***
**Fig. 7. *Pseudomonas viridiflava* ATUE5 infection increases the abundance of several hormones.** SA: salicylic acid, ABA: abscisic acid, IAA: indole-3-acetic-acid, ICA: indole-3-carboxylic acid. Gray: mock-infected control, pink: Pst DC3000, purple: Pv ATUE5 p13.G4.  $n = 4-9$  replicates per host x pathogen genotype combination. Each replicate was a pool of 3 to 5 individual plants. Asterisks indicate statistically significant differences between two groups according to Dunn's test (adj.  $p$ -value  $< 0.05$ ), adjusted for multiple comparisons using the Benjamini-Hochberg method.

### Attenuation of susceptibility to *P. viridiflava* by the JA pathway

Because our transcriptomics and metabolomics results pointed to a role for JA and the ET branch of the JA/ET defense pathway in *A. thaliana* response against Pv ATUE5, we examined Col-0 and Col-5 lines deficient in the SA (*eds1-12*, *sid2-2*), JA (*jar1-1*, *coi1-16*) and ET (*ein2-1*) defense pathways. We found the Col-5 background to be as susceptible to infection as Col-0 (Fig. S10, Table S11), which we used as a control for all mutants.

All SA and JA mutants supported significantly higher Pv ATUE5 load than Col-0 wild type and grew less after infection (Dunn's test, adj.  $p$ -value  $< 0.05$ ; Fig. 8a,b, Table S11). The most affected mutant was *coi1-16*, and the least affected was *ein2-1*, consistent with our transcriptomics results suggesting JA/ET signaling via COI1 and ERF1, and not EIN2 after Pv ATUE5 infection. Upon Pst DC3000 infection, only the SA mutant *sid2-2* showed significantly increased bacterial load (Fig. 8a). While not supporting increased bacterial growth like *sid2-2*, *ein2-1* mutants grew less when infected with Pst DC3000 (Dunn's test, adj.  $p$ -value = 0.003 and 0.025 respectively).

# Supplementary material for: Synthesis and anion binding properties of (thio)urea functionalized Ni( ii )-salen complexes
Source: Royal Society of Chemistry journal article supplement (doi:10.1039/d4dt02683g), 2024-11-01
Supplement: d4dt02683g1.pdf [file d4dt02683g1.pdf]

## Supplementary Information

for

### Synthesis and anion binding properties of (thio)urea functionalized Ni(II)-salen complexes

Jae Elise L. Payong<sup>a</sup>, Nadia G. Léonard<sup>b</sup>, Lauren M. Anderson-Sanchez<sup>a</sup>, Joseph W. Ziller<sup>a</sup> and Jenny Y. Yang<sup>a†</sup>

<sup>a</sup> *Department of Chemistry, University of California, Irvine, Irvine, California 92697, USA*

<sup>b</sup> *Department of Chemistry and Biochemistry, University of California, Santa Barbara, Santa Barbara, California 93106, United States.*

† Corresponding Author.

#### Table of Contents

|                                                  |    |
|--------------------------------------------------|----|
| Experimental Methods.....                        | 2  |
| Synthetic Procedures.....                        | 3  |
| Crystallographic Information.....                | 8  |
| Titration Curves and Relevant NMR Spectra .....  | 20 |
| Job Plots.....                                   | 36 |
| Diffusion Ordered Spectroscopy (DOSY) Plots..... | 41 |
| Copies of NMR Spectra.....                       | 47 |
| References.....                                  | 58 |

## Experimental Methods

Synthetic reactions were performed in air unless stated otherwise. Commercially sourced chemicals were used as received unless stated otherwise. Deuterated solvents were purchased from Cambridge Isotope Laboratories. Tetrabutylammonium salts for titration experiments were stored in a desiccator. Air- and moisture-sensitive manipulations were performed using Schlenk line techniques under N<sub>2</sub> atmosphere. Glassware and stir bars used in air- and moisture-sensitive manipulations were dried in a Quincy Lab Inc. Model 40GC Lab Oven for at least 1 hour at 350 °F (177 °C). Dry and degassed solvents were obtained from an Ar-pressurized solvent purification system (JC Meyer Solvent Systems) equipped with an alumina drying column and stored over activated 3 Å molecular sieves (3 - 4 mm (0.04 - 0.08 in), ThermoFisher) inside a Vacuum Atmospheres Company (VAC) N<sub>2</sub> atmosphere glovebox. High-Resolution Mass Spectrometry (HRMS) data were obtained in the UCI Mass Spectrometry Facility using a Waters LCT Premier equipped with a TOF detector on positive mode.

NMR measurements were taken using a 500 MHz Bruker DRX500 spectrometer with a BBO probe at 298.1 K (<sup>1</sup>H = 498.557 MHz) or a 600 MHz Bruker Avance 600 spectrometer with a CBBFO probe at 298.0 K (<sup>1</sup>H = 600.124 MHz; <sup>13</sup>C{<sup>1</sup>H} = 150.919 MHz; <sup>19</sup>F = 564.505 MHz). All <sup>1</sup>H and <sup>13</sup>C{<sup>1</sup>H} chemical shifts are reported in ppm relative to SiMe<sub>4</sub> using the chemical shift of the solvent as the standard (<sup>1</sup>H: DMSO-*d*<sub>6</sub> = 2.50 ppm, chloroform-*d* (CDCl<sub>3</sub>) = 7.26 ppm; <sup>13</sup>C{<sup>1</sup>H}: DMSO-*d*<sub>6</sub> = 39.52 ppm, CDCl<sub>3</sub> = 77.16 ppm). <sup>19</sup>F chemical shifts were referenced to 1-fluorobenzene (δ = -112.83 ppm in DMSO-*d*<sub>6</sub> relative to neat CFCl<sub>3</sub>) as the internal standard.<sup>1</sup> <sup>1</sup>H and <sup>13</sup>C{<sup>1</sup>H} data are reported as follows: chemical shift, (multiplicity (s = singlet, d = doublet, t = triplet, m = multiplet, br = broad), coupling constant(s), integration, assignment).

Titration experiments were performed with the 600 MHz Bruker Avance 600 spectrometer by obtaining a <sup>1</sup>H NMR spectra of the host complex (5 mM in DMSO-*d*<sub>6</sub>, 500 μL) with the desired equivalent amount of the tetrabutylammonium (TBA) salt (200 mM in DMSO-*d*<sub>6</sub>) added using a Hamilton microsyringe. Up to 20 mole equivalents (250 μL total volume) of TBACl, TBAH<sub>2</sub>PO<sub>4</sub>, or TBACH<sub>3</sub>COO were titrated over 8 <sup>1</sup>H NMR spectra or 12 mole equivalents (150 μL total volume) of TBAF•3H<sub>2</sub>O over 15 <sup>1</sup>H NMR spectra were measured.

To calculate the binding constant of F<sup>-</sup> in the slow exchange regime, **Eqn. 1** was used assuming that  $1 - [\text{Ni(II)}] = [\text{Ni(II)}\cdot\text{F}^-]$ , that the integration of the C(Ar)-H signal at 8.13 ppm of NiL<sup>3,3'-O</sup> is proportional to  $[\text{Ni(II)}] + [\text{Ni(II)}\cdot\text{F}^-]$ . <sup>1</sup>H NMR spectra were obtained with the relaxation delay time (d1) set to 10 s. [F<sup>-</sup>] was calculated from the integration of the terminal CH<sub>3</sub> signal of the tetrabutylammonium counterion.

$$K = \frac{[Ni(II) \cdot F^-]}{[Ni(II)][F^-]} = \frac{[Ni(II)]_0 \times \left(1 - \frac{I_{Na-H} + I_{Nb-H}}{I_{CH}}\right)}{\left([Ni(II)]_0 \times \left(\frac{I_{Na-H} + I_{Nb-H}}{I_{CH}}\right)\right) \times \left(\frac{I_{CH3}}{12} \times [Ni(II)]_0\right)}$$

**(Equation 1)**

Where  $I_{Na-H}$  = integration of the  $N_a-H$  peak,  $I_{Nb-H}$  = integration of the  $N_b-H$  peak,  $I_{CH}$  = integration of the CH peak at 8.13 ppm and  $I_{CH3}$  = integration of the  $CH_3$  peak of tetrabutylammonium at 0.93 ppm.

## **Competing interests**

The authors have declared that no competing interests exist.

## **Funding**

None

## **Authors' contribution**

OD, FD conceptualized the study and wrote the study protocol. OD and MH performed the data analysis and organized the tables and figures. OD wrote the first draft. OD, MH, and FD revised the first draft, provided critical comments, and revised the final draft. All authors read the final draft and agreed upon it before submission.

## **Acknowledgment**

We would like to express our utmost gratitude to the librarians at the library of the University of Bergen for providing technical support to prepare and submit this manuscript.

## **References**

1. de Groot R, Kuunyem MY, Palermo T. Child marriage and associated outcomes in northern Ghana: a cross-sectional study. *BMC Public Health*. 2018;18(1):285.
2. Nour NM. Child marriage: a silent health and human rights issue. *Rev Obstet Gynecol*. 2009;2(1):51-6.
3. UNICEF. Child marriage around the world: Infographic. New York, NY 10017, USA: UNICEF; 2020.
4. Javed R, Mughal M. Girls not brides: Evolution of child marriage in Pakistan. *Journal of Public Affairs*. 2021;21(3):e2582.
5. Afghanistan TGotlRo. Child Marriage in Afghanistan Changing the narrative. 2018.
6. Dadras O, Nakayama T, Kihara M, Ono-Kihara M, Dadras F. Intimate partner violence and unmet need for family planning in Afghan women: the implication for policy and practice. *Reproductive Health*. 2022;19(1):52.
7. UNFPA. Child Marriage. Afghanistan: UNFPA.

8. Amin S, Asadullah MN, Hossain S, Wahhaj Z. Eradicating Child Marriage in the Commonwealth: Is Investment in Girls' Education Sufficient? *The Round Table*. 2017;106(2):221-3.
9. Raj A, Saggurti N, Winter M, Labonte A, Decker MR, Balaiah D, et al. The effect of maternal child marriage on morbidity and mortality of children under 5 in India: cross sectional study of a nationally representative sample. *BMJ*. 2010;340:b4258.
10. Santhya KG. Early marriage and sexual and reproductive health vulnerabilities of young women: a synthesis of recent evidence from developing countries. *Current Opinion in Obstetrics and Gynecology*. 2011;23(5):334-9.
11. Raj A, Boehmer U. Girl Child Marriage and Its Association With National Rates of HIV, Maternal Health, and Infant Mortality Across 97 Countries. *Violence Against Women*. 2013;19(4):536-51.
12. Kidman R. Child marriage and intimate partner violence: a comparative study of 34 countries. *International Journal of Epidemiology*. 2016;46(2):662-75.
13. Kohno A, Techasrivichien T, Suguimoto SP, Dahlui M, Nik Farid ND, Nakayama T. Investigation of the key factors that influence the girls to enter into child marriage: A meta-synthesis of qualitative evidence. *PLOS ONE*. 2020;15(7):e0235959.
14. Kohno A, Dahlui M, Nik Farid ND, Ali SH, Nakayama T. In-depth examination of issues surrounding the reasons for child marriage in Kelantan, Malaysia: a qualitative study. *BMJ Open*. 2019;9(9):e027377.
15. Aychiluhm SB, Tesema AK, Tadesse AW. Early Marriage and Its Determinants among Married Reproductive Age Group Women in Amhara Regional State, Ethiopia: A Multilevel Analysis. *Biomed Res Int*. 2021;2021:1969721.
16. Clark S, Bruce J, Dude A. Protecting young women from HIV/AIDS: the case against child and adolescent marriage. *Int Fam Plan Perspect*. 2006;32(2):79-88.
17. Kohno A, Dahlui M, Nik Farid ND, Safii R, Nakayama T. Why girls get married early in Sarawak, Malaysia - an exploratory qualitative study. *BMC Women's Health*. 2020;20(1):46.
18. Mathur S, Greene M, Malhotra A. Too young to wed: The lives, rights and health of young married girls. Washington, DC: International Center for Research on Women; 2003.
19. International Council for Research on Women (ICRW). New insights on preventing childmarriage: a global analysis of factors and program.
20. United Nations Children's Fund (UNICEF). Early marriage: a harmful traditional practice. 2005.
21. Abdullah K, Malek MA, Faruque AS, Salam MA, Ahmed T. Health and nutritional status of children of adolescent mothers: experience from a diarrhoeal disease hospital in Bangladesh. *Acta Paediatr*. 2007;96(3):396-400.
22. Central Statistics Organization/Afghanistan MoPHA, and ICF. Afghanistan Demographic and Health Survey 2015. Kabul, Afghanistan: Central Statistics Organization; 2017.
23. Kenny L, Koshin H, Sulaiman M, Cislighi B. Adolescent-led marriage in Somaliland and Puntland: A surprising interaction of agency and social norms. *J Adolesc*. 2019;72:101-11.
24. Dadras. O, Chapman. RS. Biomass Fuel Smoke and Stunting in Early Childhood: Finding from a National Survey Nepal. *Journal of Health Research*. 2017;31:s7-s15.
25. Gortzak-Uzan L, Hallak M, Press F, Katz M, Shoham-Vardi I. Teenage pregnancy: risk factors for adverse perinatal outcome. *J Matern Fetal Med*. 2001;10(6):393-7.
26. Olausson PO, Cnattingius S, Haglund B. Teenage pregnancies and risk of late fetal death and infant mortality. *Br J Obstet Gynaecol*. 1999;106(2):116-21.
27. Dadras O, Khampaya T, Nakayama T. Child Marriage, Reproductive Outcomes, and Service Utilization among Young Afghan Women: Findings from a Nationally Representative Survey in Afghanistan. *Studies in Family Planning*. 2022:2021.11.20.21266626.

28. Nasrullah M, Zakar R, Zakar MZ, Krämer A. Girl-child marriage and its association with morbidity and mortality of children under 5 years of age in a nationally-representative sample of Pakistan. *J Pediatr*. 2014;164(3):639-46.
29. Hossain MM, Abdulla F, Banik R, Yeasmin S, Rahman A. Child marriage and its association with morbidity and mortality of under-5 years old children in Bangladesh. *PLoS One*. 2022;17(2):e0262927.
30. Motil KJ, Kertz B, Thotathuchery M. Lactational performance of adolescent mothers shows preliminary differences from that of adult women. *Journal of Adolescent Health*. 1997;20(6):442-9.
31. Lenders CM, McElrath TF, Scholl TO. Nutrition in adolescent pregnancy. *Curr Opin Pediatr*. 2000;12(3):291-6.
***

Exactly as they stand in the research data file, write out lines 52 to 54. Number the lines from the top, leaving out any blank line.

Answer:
10. Santhya KG. Early marriage and sexual and reproductive health vulnerabilities of young women: a synthesis of recent evidence from developing countries. *Current Opinion in Obstetrics and Gynecology*. 2011;23(5):334-9.
11. Raj A, Boehmer U. Girl Child Marriage and Its Association With National Rates of HIV, Maternal Health, and Infant Mortality Across 97 Countries. *Violence Against Women*. 2013;19(4):536-51.
12. Kidman R. Child marriage and intimate partner violence: a comparative study of 34 countries. *International Journal of Epidemiology*. 2016;46(2):662-75.